Italy is among the first countries in the world to use commercially available 3G phones.
Italians use two mobile phones
Italians love their mobile phones.
Most people in Italy have at least two - one for business and one for pleasure - which they update more often than their wardrobes.
So it seems entirely appropriate that they should be among the first consumers in the world to actually get their hands on the new third-generation mobile phones.
After a huge advertising campaign and months of false starts, Hutchison's Italian subsidiary, H3G, finally started sending them out at the end of last week.
They hope to have a million subscribers to "3" in Italy within a year.
At H3G's head office in Milan, I was invited to test the new service.
The handsets can handle huge quantities of data, like video clips, TV news broadcasts, share price information or city maps.
They can also send e-mails and show the latest sporting events.
As soon as you show the video call to someone, they want to get the service.
But the feature that Hutchison hopes will draw the most people in is the video call.
Having now experienced it myself, I think they could be right.
It's one thing to be able to get more information on your phone. But speaking to someone at the same time as seeing the expression on their face, as well as being able to see their surroundings, is a different experience altogether.
I felt rather emotional.
Sandro Marchetti, executive vice-president of 3's commercial division, says: "A lot of our customers feel the same way.
"With new technology, market reaction at the beginning is usually quite cold. Both with WAP and with GPRS it took time to get people interested.
"With 3G it is exactly the opposite. As soon as you show the video call to someone, they want to get the service.
The video call is expected to be popular
"That's why we think this will become a mass-market product...We believe it's not limited to just a few users."
But the current price of the handsets - which cost a minimum 780 euros (£530; $840) - will inevitably exclude a large part of the population.
The tariffs also suggest that 3 is targeting a high-volume, contract user rather than a typical pay-as-you go customer.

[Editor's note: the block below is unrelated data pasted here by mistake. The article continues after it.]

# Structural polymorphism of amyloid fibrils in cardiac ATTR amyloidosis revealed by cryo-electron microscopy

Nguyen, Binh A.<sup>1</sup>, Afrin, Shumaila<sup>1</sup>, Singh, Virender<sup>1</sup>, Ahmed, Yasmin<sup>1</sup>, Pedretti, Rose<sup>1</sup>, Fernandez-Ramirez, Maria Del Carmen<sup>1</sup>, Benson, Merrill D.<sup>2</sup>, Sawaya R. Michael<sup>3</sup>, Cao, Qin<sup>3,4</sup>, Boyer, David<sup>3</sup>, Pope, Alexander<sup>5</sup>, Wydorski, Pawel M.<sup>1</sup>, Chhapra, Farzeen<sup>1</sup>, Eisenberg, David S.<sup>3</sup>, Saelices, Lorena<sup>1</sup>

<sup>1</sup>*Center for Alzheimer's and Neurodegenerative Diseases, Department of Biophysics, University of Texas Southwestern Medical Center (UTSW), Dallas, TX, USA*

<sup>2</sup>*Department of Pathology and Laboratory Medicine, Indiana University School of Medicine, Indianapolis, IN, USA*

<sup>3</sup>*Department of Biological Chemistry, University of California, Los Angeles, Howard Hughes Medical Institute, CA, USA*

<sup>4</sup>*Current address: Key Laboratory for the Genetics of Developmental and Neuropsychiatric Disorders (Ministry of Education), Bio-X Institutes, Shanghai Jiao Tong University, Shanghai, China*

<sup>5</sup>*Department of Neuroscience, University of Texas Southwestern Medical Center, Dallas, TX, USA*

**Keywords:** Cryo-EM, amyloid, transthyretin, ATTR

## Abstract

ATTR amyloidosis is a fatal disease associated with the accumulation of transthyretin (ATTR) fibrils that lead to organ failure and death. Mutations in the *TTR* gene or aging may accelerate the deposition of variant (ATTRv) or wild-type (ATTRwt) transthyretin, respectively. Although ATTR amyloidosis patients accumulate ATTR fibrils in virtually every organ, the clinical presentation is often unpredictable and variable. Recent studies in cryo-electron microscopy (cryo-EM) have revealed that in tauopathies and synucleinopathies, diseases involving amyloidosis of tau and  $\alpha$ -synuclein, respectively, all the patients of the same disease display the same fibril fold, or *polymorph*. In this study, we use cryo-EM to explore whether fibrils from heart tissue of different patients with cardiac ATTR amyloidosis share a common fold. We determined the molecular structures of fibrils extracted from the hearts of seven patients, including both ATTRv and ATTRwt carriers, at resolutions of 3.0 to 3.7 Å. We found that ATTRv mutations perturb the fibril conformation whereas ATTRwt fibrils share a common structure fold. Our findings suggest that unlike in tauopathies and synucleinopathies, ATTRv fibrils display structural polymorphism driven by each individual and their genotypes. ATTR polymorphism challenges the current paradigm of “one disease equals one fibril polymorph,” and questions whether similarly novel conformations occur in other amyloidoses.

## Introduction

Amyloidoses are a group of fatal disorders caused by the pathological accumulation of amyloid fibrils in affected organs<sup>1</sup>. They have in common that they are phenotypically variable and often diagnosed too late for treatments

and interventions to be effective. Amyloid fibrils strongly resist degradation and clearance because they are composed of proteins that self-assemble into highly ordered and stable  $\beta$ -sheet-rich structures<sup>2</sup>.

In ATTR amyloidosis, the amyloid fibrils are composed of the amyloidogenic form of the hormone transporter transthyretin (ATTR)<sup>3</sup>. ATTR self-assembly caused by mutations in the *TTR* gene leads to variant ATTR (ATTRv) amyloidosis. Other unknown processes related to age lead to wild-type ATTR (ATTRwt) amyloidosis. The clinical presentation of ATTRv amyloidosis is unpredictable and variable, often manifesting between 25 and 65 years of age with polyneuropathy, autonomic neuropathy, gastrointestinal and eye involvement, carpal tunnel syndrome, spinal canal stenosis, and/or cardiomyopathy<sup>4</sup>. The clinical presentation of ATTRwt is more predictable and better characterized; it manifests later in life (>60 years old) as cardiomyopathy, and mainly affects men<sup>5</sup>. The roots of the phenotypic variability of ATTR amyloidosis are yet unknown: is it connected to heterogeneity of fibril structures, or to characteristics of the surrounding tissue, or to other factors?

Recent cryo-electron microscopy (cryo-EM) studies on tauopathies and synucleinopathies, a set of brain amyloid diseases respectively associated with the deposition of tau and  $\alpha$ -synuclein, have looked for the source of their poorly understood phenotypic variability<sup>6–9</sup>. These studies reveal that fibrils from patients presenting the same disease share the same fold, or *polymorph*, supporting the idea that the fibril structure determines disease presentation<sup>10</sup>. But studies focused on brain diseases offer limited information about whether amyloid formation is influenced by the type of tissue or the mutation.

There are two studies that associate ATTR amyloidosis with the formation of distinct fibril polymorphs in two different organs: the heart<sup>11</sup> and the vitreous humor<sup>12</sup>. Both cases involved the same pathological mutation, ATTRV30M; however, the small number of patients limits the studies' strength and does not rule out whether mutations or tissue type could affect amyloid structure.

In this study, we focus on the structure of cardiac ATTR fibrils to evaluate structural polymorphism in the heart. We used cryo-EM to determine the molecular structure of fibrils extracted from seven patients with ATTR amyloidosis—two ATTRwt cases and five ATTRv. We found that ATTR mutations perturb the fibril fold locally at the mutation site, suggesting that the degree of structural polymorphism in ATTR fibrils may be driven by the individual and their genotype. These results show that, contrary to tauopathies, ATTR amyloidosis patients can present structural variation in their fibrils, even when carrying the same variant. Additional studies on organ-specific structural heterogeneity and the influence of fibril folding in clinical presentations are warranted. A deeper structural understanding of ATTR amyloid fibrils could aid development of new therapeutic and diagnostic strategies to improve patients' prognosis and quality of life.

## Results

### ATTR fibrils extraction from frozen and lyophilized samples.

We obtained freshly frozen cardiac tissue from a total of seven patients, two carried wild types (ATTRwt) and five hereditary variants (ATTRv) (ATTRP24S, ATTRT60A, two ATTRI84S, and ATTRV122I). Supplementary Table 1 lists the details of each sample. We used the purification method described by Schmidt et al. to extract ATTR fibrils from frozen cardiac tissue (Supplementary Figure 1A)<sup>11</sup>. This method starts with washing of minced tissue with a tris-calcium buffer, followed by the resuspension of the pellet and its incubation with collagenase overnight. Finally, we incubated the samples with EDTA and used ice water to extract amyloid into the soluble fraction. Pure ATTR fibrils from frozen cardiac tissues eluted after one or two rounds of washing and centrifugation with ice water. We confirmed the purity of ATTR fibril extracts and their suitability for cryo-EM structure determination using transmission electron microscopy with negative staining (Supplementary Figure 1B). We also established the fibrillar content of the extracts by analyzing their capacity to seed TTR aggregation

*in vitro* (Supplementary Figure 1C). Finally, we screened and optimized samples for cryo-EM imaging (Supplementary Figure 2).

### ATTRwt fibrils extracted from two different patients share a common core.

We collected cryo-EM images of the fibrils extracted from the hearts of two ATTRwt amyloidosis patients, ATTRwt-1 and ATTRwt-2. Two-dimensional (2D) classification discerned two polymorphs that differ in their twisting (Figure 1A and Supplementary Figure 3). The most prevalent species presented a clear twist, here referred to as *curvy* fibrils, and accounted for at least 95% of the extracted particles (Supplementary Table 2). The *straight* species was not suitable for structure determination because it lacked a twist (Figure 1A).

Subscribers pay a flat rate of 85 euros a month for almost unlimited use of the content and 40 hours of video and voice calls.
For high-volume users like these, coverage could be a problem.
Around 40% of Italy is covered - mostly in the major cities, like Milan, Rome and Turin.
Elsewhere, users have to transfer to traditional mobile networks in order to make voice calls.
The risk is that as soon as they open up the market, the others will come in and destroy everything
But, according to Monica Basso, senior research analyst at Gartner Research, it doesn't always work.
"It could be a problem for them," she says. "It is good that they are concentrating so much on providing new content, unlike other companies, which are working solely on the network.
"But this means that users may not be able to make calls wherever they like. And it may put off the high-volume, enterprise customers that they seem to be targeting."
Another potential problem is the life of the battery.
Multi-media services use up much more power than traditional phones. The danger is that the battery will not be able to support the constant use of the services available.
So while there are advantages in being first, there are plenty of disadvantages too.
"H3G has a big challenge," says Gartner's Ms Basso.
"It has to create a market from scratch, and demonstrate that there is the demand for this kind of service.
"But once it has done this, and the business is starting to go well, it will face competition from other operators, the big players like TIM (Telecom Italia Mobile) and Vodafone.
"The risk is that as soon as they open up the market, the others will come in and destroy everything."